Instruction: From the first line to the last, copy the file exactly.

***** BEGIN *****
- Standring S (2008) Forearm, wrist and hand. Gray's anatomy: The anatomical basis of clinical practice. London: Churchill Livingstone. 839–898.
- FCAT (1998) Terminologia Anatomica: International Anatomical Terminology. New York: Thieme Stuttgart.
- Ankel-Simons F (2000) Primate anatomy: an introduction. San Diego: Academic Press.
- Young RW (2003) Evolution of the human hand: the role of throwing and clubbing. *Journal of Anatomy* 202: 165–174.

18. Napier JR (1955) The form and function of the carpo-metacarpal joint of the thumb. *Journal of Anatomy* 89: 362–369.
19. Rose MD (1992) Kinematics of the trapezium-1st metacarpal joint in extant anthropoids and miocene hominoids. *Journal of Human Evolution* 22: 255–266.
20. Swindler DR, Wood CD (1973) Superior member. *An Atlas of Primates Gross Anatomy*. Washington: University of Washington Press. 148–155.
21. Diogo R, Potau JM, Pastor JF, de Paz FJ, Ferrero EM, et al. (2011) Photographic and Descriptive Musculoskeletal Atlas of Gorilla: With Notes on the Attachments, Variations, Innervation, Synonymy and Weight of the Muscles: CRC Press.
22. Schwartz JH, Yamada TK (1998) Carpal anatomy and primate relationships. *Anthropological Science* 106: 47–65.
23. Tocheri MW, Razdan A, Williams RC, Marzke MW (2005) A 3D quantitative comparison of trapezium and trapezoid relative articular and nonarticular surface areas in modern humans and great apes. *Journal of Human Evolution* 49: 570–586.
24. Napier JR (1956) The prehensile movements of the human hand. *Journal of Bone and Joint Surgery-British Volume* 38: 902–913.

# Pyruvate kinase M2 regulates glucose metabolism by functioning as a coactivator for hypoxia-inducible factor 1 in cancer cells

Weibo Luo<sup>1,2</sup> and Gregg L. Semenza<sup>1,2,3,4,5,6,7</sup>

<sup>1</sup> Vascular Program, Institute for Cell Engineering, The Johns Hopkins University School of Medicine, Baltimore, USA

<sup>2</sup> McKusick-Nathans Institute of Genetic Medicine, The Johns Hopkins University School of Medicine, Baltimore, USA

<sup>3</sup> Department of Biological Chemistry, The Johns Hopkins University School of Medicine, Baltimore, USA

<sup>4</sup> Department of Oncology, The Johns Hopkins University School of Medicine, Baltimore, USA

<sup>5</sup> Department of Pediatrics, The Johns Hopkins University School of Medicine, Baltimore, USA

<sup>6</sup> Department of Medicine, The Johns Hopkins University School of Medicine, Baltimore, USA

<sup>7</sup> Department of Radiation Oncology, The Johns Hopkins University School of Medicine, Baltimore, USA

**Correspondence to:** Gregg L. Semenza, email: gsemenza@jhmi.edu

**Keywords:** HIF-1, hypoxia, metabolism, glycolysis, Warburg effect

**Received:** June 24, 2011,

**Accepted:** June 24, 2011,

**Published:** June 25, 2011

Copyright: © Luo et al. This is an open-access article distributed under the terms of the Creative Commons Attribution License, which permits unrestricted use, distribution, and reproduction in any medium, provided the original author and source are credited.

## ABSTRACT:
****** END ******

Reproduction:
- Standring S (2008) Forearm, wrist and hand. Gray's anatomy: The anatomical basis of clinical practice. London: Churchill Livingstone. 839–898.
- FCAT (1998) Terminologia Anatomica: International Anatomical Terminology. New York: Thieme Stuttgart.
- Ankel-Simons F (2000) Primate anatomy: an introduction. San Diego: Academic Press.
- Young RW (2003) Evolution of the human hand: the role of throwing and clubbing. *Journal of Anatomy* 202: 165–174.

18. Napier JR (1955) The form and function of the carpo-metacarpal joint of the thumb. *Journal of Anatomy* 89: 362–369.
19. Rose MD (1992) Kinematics of the trapezium-1st metacarpal joint in extant anthropoids and miocene hominoids. *Journal of Human Evolution* 22: 255–266.
20. Swindler DR, Wood CD (1973) Superior member. *An Atlas of Primates Gross Anatomy*. Washington: University of Washington Press. 148–155.
21. Diogo R, Potau JM, Pastor JF, de Paz FJ, Ferrero EM, et al. (2011) Photographic and Descriptive Musculoskeletal Atlas of Gorilla: With Notes on the Attachments, Variations, Innervation, Synonymy and Weight of the Muscles: CRC Press.
22. Schwartz JH, Yamada TK (1998) Carpal anatomy and primate relationships. *Anthropological Science* 106: 47–65.
23. Tocheri MW, Razdan A, Williams RC, Marzke MW (2005) A 3D quantitative comparison of trapezium and trapezoid relative articular and nonarticular surface areas in modern humans and great apes. *Journal of Human Evolution* 49: 570–586.
24. Napier JR (1956) The prehensile movements of the human hand. *Journal of Bone and Joint Surgery-British Volume* 38: 902–913.

# Pyruvate kinase M2 regulates glucose metabolism by functioning as a coactivator for hypoxia-inducible factor 1 in cancer cells

Weibo Luo<sup>1,2</sup> and Gregg L. Semenza<sup>1,2,3,4,5,6,7</sup>

<sup>1</sup> Vascular Program, Institute for Cell Engineering, The Johns Hopkins University School of Medicine, Baltimore, USA

<sup>2</sup> McKusick-Nathans Institute of Genetic Medicine, The Johns Hopkins University School of Medicine, Baltimore, USA

<sup>3</sup> Department of Biological Chemistry, The Johns Hopkins University School of Medicine, Baltimore, USA

<sup>4</sup> Department of Oncology, The Johns Hopkins University School of Medicine, Baltimore, USA

<sup>5</sup> Department of Pediatrics, The Johns Hopkins University School of Medicine, Baltimore, USA

<sup>6</sup> Department of Medicine, The Johns Hopkins University School of Medicine, Baltimore, USA

<sup>7</sup> Department of Radiation Oncology, The Johns Hopkins University School of Medicine, Baltimore, USA

**Correspondence to:** Gregg L. Semenza, email: gsemenza@jhmi.edu

**Keywords:** HIF-1, hypoxia, metabolism, glycolysis, Warburg effect

**Received:** June 24, 2011,

**Accepted:** June 24, 2011,

**Published:** June 25, 2011

Copyright: © Luo et al. This is an open-access article distributed under the terms of the Creative Commons Attribution License, which permits unrestricted use, distribution, and reproduction in any medium, provided the original author and source are credited.

## ABSTRACT: